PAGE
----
• There was no mention of a mechanism by which local people could have their concerns addressed on a regular basis; as first the construction and then operation of the farm proceeded.

Most importantly, the question of the monitoring of the project focussed largely upon the environment, while its impact on local economic and social life received much less mention. The EIA had proposed that there should be an on-going environmental management team consisting of project employees, members of the District Council, NEMC, and representatives of the Departments of Forestry and Fisheries and of the Marine Park, but there was no mention of including local villagers. Furthermore, it was the EIA's suggestion that the economic and cultural impact of the prawn farm should be reviewed only every two years, not annually.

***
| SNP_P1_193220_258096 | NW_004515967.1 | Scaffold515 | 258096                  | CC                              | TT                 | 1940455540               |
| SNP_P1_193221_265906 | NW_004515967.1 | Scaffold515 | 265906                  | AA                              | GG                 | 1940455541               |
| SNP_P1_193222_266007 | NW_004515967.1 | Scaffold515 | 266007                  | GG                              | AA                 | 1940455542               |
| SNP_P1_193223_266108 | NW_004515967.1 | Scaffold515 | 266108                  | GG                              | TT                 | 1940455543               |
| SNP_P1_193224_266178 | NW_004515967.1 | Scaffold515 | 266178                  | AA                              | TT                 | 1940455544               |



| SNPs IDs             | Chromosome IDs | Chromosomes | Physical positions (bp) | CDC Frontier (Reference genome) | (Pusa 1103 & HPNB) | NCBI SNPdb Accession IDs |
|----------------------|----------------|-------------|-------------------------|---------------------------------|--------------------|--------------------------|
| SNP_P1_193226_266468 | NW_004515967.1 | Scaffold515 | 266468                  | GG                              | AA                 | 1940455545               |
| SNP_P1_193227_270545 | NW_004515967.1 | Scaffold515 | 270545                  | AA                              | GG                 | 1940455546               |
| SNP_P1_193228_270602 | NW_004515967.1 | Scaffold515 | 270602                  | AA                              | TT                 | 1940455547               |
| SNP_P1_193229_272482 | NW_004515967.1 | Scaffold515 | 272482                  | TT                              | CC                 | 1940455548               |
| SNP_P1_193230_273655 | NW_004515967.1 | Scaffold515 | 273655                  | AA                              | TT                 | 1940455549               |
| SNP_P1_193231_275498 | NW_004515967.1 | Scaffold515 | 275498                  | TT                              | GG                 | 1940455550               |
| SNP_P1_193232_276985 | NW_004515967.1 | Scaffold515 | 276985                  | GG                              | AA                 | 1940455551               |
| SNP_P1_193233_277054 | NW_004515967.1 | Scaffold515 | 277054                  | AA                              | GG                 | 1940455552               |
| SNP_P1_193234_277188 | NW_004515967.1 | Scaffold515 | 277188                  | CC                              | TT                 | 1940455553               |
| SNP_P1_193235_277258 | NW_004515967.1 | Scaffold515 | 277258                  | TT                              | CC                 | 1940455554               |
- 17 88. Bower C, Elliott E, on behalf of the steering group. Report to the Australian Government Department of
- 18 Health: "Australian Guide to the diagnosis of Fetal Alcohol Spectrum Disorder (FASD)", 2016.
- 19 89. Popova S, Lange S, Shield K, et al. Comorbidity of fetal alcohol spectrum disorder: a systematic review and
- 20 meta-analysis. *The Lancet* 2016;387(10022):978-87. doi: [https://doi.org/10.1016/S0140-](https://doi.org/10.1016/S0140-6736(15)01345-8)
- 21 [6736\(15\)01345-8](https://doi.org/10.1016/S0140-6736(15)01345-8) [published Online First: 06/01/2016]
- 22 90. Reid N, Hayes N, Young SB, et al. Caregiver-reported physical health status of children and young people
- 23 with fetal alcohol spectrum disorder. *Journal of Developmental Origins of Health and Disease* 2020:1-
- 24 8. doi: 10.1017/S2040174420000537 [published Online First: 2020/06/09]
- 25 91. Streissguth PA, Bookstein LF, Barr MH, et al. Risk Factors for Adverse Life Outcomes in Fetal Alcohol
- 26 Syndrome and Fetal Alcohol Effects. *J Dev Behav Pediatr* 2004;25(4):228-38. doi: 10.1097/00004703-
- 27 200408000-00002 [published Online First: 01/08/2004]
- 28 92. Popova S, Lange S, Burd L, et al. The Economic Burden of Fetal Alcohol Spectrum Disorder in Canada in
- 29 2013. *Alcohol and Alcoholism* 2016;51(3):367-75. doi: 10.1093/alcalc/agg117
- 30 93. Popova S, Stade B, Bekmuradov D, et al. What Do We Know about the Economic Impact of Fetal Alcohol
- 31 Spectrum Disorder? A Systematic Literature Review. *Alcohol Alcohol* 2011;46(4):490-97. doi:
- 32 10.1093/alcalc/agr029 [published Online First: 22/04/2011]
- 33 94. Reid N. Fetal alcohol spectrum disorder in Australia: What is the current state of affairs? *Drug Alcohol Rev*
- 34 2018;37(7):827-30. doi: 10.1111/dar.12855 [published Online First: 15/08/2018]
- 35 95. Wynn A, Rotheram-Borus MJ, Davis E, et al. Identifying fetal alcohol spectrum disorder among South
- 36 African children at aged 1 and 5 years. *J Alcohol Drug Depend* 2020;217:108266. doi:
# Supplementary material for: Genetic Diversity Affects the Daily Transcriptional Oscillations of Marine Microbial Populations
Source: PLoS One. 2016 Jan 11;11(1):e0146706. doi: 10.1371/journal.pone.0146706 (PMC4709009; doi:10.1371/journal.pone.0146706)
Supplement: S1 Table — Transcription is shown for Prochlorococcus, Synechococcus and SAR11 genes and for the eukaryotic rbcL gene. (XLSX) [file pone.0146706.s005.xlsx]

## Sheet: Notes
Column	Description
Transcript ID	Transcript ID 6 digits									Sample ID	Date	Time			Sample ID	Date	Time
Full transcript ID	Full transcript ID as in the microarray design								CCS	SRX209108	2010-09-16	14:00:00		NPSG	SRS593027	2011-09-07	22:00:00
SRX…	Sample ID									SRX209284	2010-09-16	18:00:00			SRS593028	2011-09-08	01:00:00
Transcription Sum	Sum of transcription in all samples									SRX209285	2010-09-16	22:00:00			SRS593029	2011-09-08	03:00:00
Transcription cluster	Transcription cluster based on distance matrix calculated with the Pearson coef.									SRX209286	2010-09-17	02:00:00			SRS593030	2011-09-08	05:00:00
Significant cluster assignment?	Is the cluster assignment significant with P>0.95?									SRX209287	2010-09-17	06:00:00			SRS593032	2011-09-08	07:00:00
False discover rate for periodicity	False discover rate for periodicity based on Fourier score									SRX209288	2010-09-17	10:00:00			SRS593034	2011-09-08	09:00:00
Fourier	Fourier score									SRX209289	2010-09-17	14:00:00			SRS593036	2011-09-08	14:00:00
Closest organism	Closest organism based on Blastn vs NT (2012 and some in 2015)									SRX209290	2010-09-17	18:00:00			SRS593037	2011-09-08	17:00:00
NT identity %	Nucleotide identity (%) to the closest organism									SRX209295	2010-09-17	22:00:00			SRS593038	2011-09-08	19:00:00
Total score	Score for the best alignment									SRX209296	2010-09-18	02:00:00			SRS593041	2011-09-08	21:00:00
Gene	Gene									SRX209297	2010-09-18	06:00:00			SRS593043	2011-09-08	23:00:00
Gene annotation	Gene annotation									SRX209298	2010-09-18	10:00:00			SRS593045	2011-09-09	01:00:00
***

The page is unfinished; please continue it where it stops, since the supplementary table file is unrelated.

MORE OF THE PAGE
When I left the island in August 2002, it looked as though the project would get through all its hurdles, although a civil servant with whom I travelled on the plane to Dar es Salaam told me that the company had only been granted half of the land they had asked for – 'that was the compromise'.

The following year I was sent a copy of the final report (ENATA 2003), which was a lengthy document of over 100 pages plus annexures. It included lists of people present at meetings and issues raised at such meetings, including the many complaints I have already mentioned. In short, the company could claim, with some justification, that it had consulted thoroughly.

   Two Years Later – 2004 – Controversy Continued Top